New Orleans leaders on Thursday made a sweeping move to break with the city's Confederate past when the City Council voted to remove prominent Confederate monuments along some of its busiest streets.
The council's 6-1 vote allows the city to remove four monuments, including a towering statue of Confederate Gen. Robert E. Lee that has stood at the center of a traffic circle for 131 years.
It was an emotional meeting — often interrupted by heckling — infused with references to slavery, lynchings and racism, as well as the pleas of those who opposed removing the monuments to not rewrite history.
Mayor Mitch Landrieu first proposed removing the monuments after a white supremacist killed nine African-American parishioners inside Emanuel AME Church in Charleston, South Carolina, in June and quickly signed the monument removal ordinance into law. He says the process to remove three of the monuments will begin within days by finding a contractor to take them down.
Anti-Confederate sentiment has grown since then around the country, along with protests against police mistreatment of black youths, as embodied by the Black Lives Matter movement.
Before Thursday's vote, Landrieu told the council and residents who gathered on both sides of the issue that for New Orleans to move forward, "we must reckon with our past."
He said the monuments reinforce the Confederate ideology of slavery, limit city progress and divide the city. He used President Abraham Lincoln's famous quote that "a house divided against itself cannot stand."
The administration said it would cost $170,000 to take the monuments down and put them in a warehouse until a new location is found for them — perhaps in a museum.
The American Civil Liberties Union of Louisiana praised the City Council vote in a statement issued on Thursday. "With this vote, New Orleans will no longer glorify the worst of our history and can move forward on the path toward meaningful unity," the group said.
Stacy Head, a council member at large, was the lone vote against the removal. She is one of two white council members. She lamented what she called a rush to take the monuments down without adequate consideration of their historic value and meaning to many in New Orleans.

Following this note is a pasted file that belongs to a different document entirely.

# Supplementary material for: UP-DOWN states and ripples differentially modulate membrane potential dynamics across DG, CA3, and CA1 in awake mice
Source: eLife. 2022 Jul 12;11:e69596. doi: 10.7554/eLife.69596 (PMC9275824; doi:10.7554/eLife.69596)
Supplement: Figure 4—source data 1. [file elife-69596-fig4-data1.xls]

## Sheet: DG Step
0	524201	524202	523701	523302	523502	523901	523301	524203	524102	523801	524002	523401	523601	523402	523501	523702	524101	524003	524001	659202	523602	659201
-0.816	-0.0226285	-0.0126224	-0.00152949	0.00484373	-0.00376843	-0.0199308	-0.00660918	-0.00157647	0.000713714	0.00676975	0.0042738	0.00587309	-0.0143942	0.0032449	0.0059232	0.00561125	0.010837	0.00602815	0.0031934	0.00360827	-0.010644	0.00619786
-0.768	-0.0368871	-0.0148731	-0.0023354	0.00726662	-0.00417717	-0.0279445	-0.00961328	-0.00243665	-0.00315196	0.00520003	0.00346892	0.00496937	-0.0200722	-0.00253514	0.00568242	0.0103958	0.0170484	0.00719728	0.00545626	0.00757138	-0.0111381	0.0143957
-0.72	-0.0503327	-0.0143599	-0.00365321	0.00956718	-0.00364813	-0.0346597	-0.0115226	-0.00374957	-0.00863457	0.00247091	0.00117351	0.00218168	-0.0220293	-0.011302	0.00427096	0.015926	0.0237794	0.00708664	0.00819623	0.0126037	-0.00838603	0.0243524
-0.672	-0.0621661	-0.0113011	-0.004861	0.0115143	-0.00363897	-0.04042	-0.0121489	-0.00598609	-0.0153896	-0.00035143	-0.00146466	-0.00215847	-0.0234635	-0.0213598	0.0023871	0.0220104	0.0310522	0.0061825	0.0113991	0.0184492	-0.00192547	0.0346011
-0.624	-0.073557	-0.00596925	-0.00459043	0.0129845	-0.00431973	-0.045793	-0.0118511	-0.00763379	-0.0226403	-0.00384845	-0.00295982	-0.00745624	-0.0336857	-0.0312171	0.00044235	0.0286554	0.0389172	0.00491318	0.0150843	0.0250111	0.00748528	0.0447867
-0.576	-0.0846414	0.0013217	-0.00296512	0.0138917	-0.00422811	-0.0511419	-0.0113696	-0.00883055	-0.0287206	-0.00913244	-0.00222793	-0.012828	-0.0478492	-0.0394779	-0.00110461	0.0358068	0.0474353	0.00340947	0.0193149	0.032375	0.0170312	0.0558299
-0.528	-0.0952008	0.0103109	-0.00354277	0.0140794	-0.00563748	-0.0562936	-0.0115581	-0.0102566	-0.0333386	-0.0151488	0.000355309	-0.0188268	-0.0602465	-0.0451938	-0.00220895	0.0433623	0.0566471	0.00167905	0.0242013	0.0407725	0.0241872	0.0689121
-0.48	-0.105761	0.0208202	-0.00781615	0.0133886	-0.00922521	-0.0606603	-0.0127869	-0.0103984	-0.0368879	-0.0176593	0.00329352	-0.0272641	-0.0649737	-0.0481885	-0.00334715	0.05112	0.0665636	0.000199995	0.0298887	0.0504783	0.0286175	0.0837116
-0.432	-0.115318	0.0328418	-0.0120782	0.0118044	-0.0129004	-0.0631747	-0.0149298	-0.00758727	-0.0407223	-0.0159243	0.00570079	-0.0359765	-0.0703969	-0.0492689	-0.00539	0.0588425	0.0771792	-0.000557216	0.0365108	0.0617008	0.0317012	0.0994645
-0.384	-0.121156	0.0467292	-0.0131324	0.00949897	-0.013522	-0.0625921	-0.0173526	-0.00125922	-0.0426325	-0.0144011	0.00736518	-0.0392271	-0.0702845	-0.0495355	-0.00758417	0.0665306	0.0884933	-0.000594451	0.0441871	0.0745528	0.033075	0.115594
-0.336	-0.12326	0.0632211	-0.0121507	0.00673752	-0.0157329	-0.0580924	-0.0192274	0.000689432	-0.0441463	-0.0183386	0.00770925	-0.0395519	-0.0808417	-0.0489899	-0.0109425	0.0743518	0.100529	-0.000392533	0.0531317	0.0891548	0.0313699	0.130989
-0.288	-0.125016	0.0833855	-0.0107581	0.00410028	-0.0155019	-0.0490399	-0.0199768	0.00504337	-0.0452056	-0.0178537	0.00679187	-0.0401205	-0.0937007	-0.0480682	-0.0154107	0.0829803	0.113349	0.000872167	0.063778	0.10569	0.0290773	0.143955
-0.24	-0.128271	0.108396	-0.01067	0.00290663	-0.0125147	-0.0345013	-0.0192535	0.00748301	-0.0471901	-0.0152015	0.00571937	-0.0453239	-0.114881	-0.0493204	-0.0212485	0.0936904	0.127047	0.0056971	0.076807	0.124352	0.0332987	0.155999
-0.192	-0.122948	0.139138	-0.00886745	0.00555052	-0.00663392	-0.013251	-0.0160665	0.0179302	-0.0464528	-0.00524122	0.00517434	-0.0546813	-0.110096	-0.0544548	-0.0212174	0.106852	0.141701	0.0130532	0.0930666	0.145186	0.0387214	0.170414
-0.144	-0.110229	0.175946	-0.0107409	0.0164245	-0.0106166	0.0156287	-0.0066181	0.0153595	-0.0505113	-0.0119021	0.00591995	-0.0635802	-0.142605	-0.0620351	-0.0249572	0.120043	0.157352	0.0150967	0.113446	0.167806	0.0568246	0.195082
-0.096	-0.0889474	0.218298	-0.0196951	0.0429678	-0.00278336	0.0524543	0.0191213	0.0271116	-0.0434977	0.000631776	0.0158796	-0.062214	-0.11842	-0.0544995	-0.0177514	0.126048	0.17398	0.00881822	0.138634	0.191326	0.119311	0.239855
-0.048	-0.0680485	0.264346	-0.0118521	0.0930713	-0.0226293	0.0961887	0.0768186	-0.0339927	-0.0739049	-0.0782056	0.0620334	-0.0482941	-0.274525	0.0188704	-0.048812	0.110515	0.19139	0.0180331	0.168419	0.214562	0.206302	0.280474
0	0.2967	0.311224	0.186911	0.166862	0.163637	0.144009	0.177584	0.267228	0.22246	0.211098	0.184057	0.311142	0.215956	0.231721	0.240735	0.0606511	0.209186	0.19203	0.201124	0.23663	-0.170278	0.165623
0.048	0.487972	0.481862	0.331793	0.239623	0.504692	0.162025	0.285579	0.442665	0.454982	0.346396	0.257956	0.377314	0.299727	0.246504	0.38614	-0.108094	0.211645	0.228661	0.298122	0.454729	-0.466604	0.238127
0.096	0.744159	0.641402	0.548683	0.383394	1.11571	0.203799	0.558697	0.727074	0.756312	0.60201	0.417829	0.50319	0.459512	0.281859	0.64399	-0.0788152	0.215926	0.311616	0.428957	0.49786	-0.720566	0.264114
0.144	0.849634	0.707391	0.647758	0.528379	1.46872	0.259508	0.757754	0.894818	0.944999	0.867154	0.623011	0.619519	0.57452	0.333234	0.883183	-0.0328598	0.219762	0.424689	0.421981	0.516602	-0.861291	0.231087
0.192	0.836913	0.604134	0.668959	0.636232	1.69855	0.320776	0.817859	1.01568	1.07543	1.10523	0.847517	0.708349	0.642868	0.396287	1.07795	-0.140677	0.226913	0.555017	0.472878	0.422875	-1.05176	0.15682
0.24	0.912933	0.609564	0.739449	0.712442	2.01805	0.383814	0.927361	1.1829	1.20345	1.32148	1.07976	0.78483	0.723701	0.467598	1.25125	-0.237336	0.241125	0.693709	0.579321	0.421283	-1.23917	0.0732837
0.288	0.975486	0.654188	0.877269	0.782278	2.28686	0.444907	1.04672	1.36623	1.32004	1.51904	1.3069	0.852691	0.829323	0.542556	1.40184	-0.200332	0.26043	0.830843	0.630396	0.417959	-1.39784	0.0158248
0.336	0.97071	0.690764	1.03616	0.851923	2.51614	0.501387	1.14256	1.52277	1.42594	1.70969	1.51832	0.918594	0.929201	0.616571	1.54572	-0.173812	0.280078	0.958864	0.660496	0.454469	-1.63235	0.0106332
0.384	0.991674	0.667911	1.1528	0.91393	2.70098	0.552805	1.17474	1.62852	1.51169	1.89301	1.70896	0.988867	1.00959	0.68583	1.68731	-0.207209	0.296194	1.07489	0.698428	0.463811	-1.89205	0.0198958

Fixing historic injustice is "a lot harder work than removing monuments," she said, even as many in the packed council chambers jeered her. She said the issue was dividing the city, not uniting it. "I think all we will be left with is pain and division."
Activist Malcolm Suber called the monuments "products of the Jim Crow era, an era when blacks were hunted and persecuted." Others said they want the council to go even further and change street names associated with white supremacism.
The Louisiana Landmarks Society, the Foundation for Historical Louisiana, the Monumental Task Committee and Beauregard Camp No. 130 — groups dedicated to preserving the historical landscape of New Orleans — on Thursday challenged the ordinance to remove the structures by filing a federal lawsuit.
The most imposing of the monuments the council has voted to strike from the cityscape has had a commanding position over St. Charles Avenue since 1884. A 16-foot-tall bronze statue of Lee stands atop a 60-foot-high Doric marble column, which rises over granite slabs on an earthen mound. Four sets of stone steps, aligned with the cardinal directions, ascend the mound.
Above it all, the Virginian stands in his military uniform, with his arms folded and his gaze set firmly on the North — the embodiment of the cult of the Lost Cause that many Southerners invoked to justify continued white power after the Civil War.
The council also voted to remove a bronze figure of Confederate President Jefferson Davis that stands at Canal Street and an eponymous parkway and one of Gen. Pierre Gustave Toutant Beauregard, who was born in St. Bernard Parish and commanded Confederate forces in the war's first battle, at the entrance to City Park.
The most controversial is an 1891 obelisk honoring the Crescent City White League. An inscription added in 1932 said the Yankees withdrew federal troops and "recognized white supremacy in the South" after the group challenged Louisiana's biracial government after the Civil War. In 1993 those words were covered by a granite slab with a new inscription, saying the obelisk honors "Americans on both sides" who died and that the conflict "should teach us lessons for the future."
Before the vote, Head asked to keep the monuments to Lee and Beauregard in place. But her motion received no support from the rest of the council.
Al Jazeera and The Associated Press